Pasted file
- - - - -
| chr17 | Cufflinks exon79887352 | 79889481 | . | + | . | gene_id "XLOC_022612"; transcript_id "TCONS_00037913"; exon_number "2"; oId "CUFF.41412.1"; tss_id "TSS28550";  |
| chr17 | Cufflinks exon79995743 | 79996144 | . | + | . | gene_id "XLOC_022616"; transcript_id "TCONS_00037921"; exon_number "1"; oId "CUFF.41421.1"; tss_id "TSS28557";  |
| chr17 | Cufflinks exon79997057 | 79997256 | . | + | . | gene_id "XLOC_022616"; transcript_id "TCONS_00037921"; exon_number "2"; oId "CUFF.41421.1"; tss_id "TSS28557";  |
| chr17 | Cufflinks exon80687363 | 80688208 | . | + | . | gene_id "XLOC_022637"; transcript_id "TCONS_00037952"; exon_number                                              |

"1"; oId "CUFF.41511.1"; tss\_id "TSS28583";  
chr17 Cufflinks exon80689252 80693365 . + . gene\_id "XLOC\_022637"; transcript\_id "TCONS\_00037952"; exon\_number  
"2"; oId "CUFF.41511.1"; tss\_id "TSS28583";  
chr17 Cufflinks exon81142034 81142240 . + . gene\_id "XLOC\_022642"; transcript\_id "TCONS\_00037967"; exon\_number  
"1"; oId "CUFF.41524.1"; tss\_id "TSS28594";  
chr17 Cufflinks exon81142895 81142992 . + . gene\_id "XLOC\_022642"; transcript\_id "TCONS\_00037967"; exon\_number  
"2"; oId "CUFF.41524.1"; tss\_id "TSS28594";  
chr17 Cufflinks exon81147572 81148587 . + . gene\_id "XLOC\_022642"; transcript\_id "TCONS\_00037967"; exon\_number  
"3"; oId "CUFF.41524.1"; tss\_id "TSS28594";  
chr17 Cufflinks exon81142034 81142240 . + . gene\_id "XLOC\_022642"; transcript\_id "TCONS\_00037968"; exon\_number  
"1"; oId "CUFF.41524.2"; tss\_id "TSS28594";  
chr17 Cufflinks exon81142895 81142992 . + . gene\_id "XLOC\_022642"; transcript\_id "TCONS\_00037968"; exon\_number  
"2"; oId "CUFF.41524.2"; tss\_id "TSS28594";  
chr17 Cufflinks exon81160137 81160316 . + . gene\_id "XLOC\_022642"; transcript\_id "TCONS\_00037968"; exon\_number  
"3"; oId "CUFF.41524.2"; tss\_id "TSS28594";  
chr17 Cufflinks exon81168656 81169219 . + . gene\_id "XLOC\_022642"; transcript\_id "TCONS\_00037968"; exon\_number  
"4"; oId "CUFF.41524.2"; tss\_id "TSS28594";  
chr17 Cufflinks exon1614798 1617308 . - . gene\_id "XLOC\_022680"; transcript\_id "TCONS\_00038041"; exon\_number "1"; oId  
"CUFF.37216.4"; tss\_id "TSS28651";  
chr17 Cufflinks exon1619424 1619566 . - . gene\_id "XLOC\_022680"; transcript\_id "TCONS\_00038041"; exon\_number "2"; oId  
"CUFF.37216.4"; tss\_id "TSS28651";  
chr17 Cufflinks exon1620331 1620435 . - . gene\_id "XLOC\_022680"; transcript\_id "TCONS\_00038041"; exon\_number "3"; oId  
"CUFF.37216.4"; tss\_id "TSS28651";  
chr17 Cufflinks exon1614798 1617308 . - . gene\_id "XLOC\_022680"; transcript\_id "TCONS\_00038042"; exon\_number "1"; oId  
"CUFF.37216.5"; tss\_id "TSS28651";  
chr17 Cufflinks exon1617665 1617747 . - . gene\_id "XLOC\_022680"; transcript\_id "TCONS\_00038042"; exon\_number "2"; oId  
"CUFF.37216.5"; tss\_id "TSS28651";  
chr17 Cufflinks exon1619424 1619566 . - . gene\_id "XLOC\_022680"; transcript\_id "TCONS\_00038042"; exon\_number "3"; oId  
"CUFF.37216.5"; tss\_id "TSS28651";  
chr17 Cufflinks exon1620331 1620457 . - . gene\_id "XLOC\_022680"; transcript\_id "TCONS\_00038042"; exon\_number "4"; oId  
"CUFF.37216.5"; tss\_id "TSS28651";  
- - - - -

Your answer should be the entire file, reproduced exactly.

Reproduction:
| chr17 | Cufflinks exon79887352 | 79889481 | . | + | . | gene_id "XLOC_022612"; transcript_id "TCONS_00037913"; exon_number "2"; oId "CUFF.41412.1"; tss_id "TSS28550";  |
| chr17 | Cufflinks exon79995743 | 79996144 | . | + | . | gene_id "XLOC_022616"; transcript_id "TCONS_00037921"; exon_number "1"; oId "CUFF.41421.1"; tss_id "TSS28557";  |
| chr17 | Cufflinks exon79997057 | 79997256 | . | + | . | gene_id "XLOC_022616"; transcript_id "TCONS_00037921"; exon_number "2"; oId "CUFF.41421.1"; tss_id "TSS28557";  |
| chr17 | Cufflinks exon80687363 | 80688208 | . | + | . | gene_id "XLOC_022637"; transcript_id "TCONS_00037952"; exon_number                                              |

"1"; oId "CUFF.41511.1"; tss\_id "TSS28583";  
chr17 Cufflinks exon80689252 80693365 . + . gene\_id "XLOC\_022637"; transcript\_id "TCONS\_00037952"; exon\_number  
"2"; oId "CUFF.41511.1"; tss\_id "TSS28583";  
chr17 Cufflinks exon81142034 81142240 . + . gene\_id "XLOC\_022642"; transcript\_id "TCONS\_00037967"; exon\_number  
"1"; oId "CUFF.41524.1"; tss\_id "TSS28594";  
chr17 Cufflinks exon81142895 81142992 . + . gene\_id "XLOC\_022642"; transcript\_id "TCONS\_00037967"; exon\_number  
"2"; oId "CUFF.41524.1"; tss\_id "TSS28594";  
chr17 Cufflinks exon81147572 81148587 . + . gene\_id "XLOC\_022642"; transcript\_id "TCONS\_00037967"; exon\_number  
"3"; oId "CUFF.41524.1"; tss\_id "TSS28594";  
chr17 Cufflinks exon81142034 81142240 . + . gene\_id "XLOC\_022642"; transcript\_id "TCONS\_00037968"; exon\_number  
"1"; oId "CUFF.41524.2"; tss\_id "TSS28594";  
chr17 Cufflinks exon81142895 81142992 . + . gene\_id "XLOC\_022642"; transcript\_id "TCONS\_00037968"; exon\_number  
"2"; oId "CUFF.41524.2"; tss\_id "TSS28594";  
chr17 Cufflinks exon81160137 81160316 . + . gene\_id "XLOC\_022642"; transcript\_id "TCONS\_00037968"; exon\_number  
"3"; oId "CUFF.41524.2"; tss\_id "TSS28594";  
chr17 Cufflinks exon81168656 81169219 . + . gene\_id "XLOC\_022642"; transcript\_id "TCONS\_00037968"; exon\_number  
"4"; oId "CUFF.41524.2"; tss\_id "TSS28594";  
chr17 Cufflinks exon1614798 1617308 . - . gene\_id "XLOC\_022680"; transcript\_id "TCONS\_00038041"; exon\_number "1"; oId  
"CUFF.37216.4"; tss\_id "TSS28651";  
chr17 Cufflinks exon1619424 1619566 . - . gene\_id "XLOC\_022680"; transcript\_id "TCONS\_00038041"; exon\_number "2"; oId  
"CUFF.37216.4"; tss\_id "TSS28651";  
chr17 Cufflinks exon1620331 1620435 . - . gene\_id "XLOC\_022680"; transcript\_id "TCONS\_00038041"; exon\_number "3"; oId  
"CUFF.37216.4"; tss\_id "TSS28651";  
chr17 Cufflinks exon1614798 1617308 . - . gene\_id "XLOC\_022680"; transcript\_id "TCONS\_00038042"; exon\_number "1"; oId  
"CUFF.37216.5"; tss\_id "TSS28651";  
chr17 Cufflinks exon1617665 1617747 . - . gene\_id "XLOC\_022680"; transcript\_id "TCONS\_00038042"; exon\_number "2"; oId  
"CUFF.37216.5"; tss\_id "TSS28651";  
chr17 Cufflinks exon1619424 1619566 . - . gene\_id "XLOC\_022680"; transcript\_id "TCONS\_00038042"; exon\_number "3"; oId  
"CUFF.37216.5"; tss\_id "TSS28651";  
chr17 Cufflinks exon1620331 1620457 . - . gene\_id "XLOC\_022680"; transcript\_id "TCONS\_00038042"; exon\_number "4"; oId  
"CUFF.37216.5"; tss\_id "TSS28651";  